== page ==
Interest rate riskInterest rates and bond prices have an inverse price relationship. Essentially, when interest rates fall the price of bonds, and fixed-income securities, generally tend to rise. Of course, the opposite is true also as when interest rates rise the price of bonds, and fixed-income securities, generally tend to fall. So why is this?
Well, when interest rates start to fall, or investors believe interest rates will fall, then they need to lock in the highest rates possible so they can still grow their capital for as long as possible.
Therefore, investors would tend to flock to the fixed-income securities that pay the highest interest rate in the marketplace and one that is, hopefully, much higher than the market interest rate at that moment in time. That leads to a huge surge in demand which increases the base price of the security.
So, when investing into fixed-income securities an investor needs to keep an eye on where overall interest rates are going. If an investor buys a bond which pays 4% interest, then when the market interest rates gets to 4% the price of the bond will be lower. Therefore, if the investor wanted to sell the bond then he will have to do so at a lower price.
Inflation riskAn investor of a fixed-income product does so because they want to receive a fixed rate of return for the as long as the product is held. However, inflation can massively eat into any gains that are made.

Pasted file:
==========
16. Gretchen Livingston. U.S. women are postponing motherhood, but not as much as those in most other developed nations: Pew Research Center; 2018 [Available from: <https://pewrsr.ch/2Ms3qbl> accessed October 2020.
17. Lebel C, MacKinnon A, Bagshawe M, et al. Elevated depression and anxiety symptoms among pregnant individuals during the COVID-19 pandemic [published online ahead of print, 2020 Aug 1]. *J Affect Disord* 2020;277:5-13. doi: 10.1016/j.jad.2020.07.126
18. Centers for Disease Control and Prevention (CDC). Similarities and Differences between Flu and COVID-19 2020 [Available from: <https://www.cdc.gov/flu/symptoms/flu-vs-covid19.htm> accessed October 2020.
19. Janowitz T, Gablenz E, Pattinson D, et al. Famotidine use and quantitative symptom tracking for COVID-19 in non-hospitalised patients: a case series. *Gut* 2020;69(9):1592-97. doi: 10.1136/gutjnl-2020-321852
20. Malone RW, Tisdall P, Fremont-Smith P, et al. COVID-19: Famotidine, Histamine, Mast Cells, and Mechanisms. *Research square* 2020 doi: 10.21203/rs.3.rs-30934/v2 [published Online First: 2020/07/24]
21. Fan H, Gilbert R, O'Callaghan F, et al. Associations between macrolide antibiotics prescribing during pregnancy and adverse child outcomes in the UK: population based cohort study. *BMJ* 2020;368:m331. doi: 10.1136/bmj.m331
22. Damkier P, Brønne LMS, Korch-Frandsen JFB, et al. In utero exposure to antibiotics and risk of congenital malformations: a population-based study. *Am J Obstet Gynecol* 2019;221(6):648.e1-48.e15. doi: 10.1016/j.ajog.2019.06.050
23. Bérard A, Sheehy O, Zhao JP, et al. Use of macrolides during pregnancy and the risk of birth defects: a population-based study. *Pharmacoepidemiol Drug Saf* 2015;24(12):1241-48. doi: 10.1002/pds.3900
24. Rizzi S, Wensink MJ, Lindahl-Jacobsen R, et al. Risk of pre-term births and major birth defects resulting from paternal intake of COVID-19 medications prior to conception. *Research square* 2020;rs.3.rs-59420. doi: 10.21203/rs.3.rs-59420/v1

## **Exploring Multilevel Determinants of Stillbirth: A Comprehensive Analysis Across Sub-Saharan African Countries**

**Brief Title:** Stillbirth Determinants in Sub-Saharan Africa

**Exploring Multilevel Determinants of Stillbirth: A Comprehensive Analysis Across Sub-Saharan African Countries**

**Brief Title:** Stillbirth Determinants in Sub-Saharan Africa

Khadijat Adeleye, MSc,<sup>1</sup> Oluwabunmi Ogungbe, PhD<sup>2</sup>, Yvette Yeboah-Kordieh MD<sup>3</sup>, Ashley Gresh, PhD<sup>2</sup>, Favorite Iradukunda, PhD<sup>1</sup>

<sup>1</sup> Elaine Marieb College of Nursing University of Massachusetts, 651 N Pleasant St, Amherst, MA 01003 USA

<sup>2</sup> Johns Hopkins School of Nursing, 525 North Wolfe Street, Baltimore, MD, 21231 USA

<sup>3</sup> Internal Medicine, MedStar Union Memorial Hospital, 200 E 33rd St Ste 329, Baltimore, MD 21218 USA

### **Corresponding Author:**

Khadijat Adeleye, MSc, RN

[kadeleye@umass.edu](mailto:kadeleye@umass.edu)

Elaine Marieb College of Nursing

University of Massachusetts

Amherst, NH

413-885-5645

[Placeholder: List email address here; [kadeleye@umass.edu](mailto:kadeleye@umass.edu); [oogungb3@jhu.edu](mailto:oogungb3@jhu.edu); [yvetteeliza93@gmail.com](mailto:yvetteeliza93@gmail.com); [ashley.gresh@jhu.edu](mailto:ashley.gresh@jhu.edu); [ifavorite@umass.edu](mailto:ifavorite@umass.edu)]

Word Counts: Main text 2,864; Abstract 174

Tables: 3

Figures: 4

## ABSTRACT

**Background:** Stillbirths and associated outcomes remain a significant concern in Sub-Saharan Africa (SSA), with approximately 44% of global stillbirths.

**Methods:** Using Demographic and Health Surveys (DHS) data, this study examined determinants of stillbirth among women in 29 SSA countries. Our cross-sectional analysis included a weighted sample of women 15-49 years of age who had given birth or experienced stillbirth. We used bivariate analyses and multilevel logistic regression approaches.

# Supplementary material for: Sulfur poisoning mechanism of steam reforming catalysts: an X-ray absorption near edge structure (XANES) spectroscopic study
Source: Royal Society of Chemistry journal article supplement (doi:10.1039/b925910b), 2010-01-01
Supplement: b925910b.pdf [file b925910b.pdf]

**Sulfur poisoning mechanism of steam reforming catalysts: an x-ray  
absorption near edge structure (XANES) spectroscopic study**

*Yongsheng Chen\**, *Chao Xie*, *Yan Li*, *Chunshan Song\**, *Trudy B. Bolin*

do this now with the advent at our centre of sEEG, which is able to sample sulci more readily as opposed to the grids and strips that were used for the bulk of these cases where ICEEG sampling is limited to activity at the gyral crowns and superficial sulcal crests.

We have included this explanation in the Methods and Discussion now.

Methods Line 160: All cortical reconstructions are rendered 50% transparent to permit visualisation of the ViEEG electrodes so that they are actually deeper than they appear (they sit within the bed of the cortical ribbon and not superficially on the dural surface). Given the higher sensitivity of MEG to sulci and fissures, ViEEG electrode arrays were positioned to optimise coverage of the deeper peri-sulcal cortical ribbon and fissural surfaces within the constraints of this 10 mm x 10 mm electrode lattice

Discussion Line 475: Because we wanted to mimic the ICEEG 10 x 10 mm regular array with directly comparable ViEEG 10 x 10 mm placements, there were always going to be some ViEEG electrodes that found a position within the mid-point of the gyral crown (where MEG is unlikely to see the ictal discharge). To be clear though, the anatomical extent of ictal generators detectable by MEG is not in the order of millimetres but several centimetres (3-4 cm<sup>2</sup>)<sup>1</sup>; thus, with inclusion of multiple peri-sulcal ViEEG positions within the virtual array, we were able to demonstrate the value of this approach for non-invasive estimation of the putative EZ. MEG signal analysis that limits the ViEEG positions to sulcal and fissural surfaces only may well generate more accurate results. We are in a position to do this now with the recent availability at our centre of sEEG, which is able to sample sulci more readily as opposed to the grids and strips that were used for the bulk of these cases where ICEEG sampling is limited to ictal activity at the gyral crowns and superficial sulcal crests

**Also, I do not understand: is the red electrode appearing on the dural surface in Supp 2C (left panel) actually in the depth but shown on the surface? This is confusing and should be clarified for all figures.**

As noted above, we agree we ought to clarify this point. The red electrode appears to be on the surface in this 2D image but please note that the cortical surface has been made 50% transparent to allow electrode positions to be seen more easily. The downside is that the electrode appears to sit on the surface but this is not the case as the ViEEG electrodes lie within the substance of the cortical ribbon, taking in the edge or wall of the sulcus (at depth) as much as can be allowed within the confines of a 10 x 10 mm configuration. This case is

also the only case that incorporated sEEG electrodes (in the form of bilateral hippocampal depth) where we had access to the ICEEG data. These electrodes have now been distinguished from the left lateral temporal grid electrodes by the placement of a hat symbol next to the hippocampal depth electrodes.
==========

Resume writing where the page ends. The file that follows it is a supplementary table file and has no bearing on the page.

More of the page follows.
That's because inflation, the measure of the change in the value of goods and services, can decrease an investors purchasing power.
In essence, if inflation was on the rise, causing the cost of living to increase then there could be a point where the inflation rate is bigger than the rate of return causing an actual loss for the investor.
For example, if investing into a fixed-income security that pays a 2% rate of return and inflation suddenly moved higher to 3%, then the person investing is actually receiving a negative true rate of return (2% - 3%) of -1%.
Credit riskWhen investing into fixed-income securities the investor is essentially lending money to a company or government (the person who has issued the bond). Therefore, the investor is actually buying a 'certificate of debt'.
This means that the borrowed money has to be repaid, with interest, over a set amount of time. However, when investing into corporate bonds they aren't guaranteed by the full faith and credit of the government and actually only depend on the corporate entity's ability to repay that debt back.
That means investing into high investment grade fixed-income securities is the safest way to do so but can still carry some inherent risk. Many investors look to government bonds as a safer way to purchase fixed-income products. However, it depends on which government is issuing the bond so it's important for any investor to do their due diligence and background homework.
There you have it folks, the three biggest risks of fixed-income investing. Regardless of these, they are still deemed much safer than many other types of investments so it's important to know your risk tolerance before investing.